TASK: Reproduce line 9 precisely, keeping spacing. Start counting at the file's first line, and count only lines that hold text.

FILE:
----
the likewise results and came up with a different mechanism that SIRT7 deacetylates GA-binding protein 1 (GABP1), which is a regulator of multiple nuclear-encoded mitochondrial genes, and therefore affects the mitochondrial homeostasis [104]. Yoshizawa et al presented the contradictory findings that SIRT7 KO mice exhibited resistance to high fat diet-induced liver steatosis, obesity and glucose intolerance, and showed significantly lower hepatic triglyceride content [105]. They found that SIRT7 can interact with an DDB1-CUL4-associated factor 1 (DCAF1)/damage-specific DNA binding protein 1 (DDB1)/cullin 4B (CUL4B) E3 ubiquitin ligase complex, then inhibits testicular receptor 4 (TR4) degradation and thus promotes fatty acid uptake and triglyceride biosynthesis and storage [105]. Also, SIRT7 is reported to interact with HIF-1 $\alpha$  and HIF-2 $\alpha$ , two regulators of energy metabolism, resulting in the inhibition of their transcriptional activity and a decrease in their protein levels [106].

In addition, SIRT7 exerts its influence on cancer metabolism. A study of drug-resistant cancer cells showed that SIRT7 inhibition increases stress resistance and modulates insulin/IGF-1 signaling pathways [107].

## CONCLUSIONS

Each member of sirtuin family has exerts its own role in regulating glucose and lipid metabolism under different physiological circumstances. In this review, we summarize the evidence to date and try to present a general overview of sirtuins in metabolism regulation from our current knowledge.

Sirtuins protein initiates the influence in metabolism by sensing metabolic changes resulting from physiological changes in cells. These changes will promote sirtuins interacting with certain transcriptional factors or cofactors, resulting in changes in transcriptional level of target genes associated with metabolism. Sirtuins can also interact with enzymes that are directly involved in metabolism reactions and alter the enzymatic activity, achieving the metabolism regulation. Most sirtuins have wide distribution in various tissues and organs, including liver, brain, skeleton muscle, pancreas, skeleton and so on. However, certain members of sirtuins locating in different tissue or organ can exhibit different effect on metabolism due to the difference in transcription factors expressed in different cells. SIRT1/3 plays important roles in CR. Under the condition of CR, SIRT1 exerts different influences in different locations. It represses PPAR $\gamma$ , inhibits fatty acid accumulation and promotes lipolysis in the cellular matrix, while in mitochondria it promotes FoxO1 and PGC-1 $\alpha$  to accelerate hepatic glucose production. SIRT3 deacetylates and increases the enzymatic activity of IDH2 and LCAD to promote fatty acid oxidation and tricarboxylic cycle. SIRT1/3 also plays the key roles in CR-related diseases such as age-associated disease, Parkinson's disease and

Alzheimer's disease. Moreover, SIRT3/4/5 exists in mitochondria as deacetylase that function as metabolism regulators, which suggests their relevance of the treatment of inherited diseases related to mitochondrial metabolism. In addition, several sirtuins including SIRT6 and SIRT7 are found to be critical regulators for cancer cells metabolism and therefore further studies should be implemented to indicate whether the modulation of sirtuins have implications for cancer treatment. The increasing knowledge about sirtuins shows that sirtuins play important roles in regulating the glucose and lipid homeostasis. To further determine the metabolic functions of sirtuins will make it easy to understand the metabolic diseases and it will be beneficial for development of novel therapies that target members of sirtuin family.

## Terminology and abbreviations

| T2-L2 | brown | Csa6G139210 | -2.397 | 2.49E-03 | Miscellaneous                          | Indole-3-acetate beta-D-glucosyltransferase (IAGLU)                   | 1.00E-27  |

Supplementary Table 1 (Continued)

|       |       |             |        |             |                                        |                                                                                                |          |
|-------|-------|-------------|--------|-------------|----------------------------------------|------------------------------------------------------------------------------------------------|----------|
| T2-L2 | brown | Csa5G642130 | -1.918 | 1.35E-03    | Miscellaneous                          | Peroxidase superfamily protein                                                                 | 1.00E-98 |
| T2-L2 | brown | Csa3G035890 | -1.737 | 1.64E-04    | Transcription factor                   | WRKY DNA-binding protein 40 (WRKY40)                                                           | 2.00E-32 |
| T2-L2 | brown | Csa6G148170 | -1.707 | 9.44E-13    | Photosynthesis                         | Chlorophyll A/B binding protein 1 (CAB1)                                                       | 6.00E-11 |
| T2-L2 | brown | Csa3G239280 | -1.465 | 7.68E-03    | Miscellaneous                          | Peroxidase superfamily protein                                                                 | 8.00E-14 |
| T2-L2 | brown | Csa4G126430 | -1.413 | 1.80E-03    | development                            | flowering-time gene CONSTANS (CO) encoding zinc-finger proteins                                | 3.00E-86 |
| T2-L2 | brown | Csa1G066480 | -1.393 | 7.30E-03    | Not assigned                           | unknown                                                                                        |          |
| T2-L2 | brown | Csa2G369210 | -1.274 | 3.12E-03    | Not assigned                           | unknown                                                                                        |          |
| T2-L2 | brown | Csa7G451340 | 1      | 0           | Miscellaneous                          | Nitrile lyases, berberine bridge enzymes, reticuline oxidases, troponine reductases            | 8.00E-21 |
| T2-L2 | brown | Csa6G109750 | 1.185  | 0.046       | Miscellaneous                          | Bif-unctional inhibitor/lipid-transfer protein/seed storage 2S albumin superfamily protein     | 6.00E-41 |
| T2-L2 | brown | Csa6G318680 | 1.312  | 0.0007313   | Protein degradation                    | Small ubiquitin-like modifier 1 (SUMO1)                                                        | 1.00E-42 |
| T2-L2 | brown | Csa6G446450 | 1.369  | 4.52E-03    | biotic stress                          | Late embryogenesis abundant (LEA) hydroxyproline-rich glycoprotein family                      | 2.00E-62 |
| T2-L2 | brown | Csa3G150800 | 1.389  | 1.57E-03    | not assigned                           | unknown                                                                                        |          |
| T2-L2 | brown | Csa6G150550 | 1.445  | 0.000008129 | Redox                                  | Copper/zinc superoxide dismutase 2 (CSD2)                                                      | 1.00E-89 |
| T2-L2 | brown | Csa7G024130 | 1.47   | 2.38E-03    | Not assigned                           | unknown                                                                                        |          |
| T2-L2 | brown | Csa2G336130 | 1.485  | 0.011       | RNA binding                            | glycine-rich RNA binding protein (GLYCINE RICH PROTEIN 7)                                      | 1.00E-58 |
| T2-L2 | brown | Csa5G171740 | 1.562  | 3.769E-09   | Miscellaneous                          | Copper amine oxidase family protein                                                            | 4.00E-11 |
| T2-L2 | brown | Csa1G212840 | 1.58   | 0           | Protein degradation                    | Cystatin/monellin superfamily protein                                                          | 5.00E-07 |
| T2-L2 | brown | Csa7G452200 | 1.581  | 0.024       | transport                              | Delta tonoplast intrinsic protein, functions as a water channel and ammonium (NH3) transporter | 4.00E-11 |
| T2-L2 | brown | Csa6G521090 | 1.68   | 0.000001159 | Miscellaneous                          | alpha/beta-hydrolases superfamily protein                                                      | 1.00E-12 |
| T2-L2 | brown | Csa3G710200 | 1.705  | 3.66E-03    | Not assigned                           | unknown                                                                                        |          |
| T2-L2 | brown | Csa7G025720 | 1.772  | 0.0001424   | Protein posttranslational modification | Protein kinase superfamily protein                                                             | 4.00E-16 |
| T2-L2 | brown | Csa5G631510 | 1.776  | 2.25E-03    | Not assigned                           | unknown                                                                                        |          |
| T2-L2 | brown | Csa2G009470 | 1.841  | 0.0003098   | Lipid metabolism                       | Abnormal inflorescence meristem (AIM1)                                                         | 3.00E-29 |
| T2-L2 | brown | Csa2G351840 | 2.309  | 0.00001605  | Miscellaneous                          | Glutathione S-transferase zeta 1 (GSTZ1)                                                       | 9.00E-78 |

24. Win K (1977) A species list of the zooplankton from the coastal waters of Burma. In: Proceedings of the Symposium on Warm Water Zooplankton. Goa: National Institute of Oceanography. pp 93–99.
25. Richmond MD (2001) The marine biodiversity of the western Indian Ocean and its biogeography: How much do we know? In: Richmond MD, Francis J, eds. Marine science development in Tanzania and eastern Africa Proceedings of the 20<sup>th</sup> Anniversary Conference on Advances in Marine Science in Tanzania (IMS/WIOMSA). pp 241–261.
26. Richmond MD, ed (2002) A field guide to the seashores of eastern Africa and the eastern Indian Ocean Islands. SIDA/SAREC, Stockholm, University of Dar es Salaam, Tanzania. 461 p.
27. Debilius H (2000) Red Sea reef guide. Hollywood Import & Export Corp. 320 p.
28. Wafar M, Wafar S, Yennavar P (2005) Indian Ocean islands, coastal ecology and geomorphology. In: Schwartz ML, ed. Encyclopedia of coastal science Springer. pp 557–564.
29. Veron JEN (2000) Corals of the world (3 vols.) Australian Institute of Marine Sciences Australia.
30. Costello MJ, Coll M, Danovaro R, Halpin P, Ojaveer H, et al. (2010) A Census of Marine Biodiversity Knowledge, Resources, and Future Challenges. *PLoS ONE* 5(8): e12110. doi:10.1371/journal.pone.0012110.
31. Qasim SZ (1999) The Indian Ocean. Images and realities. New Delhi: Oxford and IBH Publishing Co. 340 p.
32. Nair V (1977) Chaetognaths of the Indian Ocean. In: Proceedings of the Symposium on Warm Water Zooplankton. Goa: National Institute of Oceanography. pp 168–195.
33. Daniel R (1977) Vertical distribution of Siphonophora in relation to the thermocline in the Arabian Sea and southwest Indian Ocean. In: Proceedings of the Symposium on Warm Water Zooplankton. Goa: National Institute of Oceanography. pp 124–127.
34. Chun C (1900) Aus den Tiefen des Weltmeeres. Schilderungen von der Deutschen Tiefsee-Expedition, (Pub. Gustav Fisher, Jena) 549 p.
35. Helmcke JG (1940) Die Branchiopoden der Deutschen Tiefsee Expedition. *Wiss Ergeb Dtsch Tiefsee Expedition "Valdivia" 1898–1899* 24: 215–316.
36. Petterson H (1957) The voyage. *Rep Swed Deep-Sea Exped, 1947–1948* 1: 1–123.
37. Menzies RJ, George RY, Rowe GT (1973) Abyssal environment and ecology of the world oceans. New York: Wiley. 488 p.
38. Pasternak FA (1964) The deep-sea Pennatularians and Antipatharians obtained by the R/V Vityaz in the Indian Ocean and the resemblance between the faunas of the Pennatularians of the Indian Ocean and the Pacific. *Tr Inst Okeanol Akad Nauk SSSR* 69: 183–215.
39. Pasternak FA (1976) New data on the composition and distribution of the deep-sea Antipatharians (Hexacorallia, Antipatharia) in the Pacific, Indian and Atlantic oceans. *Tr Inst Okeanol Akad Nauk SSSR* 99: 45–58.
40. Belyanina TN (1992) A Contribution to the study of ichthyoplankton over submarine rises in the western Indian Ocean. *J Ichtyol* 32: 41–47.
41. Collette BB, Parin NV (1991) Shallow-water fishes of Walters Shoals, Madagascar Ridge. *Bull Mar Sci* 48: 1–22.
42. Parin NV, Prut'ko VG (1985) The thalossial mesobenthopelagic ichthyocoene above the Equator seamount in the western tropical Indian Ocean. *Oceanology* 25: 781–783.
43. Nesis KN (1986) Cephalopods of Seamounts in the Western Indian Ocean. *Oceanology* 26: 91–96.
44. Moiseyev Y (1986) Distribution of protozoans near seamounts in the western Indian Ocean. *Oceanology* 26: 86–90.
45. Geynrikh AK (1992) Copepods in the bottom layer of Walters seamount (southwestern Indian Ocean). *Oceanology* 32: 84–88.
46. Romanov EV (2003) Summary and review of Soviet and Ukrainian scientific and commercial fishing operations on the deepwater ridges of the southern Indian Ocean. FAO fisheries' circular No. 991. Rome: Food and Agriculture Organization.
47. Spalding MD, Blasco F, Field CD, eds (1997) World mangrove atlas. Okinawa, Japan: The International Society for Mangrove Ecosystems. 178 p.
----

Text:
Supplementary Table 1 (Continued)